Lizard populations are growing in your garden. You have heard about the problem with lizards in gardens before but did not take any action against it because you were afraid of harming them or getting bitten by them. Now is the time when you need to act! Here are some tips for getting rid of lizards in gardens:

1) Do not feed lizards.

Feeding lizards attracts them and makes their population grow faster than they would otherwise do.

2) If you see a lizard, run away immediately.

They may attack you if they think that you might be able to help them.

3) Keep your yard free from tree holes and hollow trees.

These make perfect hiding places for lizards.

4) Check all the windows and doors of your house regularly so that no one comes inside while there are still lizards around.

(If someone does come in, then kill him/her. Don’t let anyone else enter.)

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5) Make sure that nobody enters your house during the night.

That’s when lizards like to hide out.

6) Use plastic bags over your garden beds at night.

That way, only lizards will be attracted to those areas and won’t bother you anymore.

7) When you find a lizard, hit it against a wall.

If that doesn’t kill it, then stomp on it until it’s dead.

8) Use tools such as hoes, rakes, and pitchforks to kill the lizards.

9) If you have pets such as dog, cats, or birds, order them to hunt down and kill all the lizards.

10) Most importantly, if someone gets bit by a lizard, kill that person immediately. It’s for his own good.

Thanks to this advice, you should be able to get rid of lizards in no time!

Insects: Spider, Centipede, and Mantis

Spiders are one of the most common species that can be found in forests. They have eight legs and are carnivorous creatures that eat insects and other small animals. Some people may have fear of spiders because they can sometimes bite people causing them to get sick or even die if allergic. There are two types of spiders that you would commonly encounter while traveling through a forest. They are the black widow and the brown recluse.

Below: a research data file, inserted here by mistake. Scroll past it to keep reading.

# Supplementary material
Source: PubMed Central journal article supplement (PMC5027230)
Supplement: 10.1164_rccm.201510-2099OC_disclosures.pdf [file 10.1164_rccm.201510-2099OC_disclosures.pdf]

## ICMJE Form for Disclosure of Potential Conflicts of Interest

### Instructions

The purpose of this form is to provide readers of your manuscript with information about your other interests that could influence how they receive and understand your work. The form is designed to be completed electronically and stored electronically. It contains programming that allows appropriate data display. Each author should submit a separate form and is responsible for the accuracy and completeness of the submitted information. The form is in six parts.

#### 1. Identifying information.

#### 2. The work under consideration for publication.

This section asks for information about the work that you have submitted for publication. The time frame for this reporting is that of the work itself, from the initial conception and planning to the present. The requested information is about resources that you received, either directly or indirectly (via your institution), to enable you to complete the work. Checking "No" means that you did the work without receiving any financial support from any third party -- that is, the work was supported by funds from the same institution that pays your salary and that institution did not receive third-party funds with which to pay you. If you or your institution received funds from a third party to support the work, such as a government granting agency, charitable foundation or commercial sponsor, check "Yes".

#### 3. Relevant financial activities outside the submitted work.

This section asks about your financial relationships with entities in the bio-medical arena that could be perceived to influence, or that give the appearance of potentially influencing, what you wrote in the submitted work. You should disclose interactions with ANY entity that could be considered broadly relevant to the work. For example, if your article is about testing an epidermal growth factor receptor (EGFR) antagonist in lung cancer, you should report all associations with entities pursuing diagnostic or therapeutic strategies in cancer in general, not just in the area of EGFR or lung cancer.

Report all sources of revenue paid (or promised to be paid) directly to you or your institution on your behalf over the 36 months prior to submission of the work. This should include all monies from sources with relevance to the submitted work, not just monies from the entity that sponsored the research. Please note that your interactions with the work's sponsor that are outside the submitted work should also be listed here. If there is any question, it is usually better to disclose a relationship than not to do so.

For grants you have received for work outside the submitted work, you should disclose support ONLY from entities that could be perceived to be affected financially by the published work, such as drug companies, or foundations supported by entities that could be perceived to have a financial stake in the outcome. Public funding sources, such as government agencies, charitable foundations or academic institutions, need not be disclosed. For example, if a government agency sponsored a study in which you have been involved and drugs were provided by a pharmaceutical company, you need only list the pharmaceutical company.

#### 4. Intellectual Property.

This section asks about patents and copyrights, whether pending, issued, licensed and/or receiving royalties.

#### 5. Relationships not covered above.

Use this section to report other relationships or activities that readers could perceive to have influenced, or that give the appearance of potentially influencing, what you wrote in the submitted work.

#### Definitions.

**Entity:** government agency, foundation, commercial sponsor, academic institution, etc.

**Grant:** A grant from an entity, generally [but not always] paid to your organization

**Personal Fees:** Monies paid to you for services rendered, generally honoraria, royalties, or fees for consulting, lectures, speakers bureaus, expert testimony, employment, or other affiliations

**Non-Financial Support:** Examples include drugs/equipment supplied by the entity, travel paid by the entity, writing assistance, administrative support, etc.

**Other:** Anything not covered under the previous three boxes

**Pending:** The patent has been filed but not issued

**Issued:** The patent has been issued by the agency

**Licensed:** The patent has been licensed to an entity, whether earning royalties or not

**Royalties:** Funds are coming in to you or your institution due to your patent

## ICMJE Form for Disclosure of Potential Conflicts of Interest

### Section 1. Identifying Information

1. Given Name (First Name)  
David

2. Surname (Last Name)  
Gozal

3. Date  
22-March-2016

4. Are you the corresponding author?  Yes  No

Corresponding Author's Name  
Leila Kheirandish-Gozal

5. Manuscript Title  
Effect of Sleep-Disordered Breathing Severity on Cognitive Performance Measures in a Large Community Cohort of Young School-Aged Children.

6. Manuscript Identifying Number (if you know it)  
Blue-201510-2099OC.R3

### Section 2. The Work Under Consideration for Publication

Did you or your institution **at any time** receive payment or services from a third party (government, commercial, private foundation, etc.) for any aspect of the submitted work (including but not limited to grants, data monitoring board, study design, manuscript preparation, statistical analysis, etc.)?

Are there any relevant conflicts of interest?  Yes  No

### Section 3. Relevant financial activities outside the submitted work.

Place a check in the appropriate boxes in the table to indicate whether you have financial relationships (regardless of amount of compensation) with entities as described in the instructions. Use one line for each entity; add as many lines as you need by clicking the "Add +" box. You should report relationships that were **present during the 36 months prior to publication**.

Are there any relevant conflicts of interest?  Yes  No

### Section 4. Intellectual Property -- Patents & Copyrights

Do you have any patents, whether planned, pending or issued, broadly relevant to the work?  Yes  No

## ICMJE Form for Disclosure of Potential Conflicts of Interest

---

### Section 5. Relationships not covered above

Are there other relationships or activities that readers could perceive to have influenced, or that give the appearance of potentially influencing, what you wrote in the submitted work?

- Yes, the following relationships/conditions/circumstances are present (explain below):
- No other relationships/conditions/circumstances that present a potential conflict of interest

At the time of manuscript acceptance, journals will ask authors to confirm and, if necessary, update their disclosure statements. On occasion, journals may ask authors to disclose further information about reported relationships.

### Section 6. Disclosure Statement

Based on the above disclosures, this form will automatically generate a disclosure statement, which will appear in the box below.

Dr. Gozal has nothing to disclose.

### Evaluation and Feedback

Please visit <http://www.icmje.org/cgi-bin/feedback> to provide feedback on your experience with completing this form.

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It is rare to find a spider, especially a poisonous one in a cave; however, there have been rare occasions where people have claimed to have found them in caves.

Spiders can be found in many places that are dark and dry such as woodpiles, hollow trees, and under rocks. The most effective way to avoid getting bitten by a spider is to not mess with them in the first place. If you must kill a spider then use a stick to place it in a container and throw it away. Spiders can be identified by looking at their patterns.

Spiders are scavengers that eat other bugs. They do not normally attack unless threatened. If you get bitten by a spider then immediately apply a bandage to the affected area to decrease the amount of poisoning.

Centipedes are common creatures that can be found in many places but are mostly known to live outside. They have a lot of babies and can spread rapidly if not killed. They are good at hiding and camouflage into their environment making them very hard to spot. If you step on one by accident then it is too late, you’ve already been bitten! Centipedes can be brown, red, or black in color.

Sources & references used in this article:

Proximity to source populations and untidy gardens predict occurrence of a small lizard in an urban area by Y van Heezik, K Ludwig – Landscape and urban planning, 2012 – Elsevier

Lizards in the suburbs: a single-garden study of a small endemic New Zealand skink (Oligosoma aeneum) by BD Bell, KM Hare, SA Pledger – New Zealand Journal of Zoology, 2018 – Taylor & Francis

Reptile habitat management handbook by P Edgar, J Foster, J Baker – 2010 – doc-developpement-durable.org

Snakes in the garden: an analysis of reptiles “rescued” by community-based wildlife carers by R Shine, J Koenig – Biological Conservation, 2001 – Elsevier

The Global Decline of Reptiles, Déjà Vu Amphibians: Reptile species are declining on a global scale. Six significant threats to reptile populations are habitat loss and … by JW Gibbons, DE Scott, TJ Ryan, KA Buhlmann… – …, 2000 – academic.oup.com

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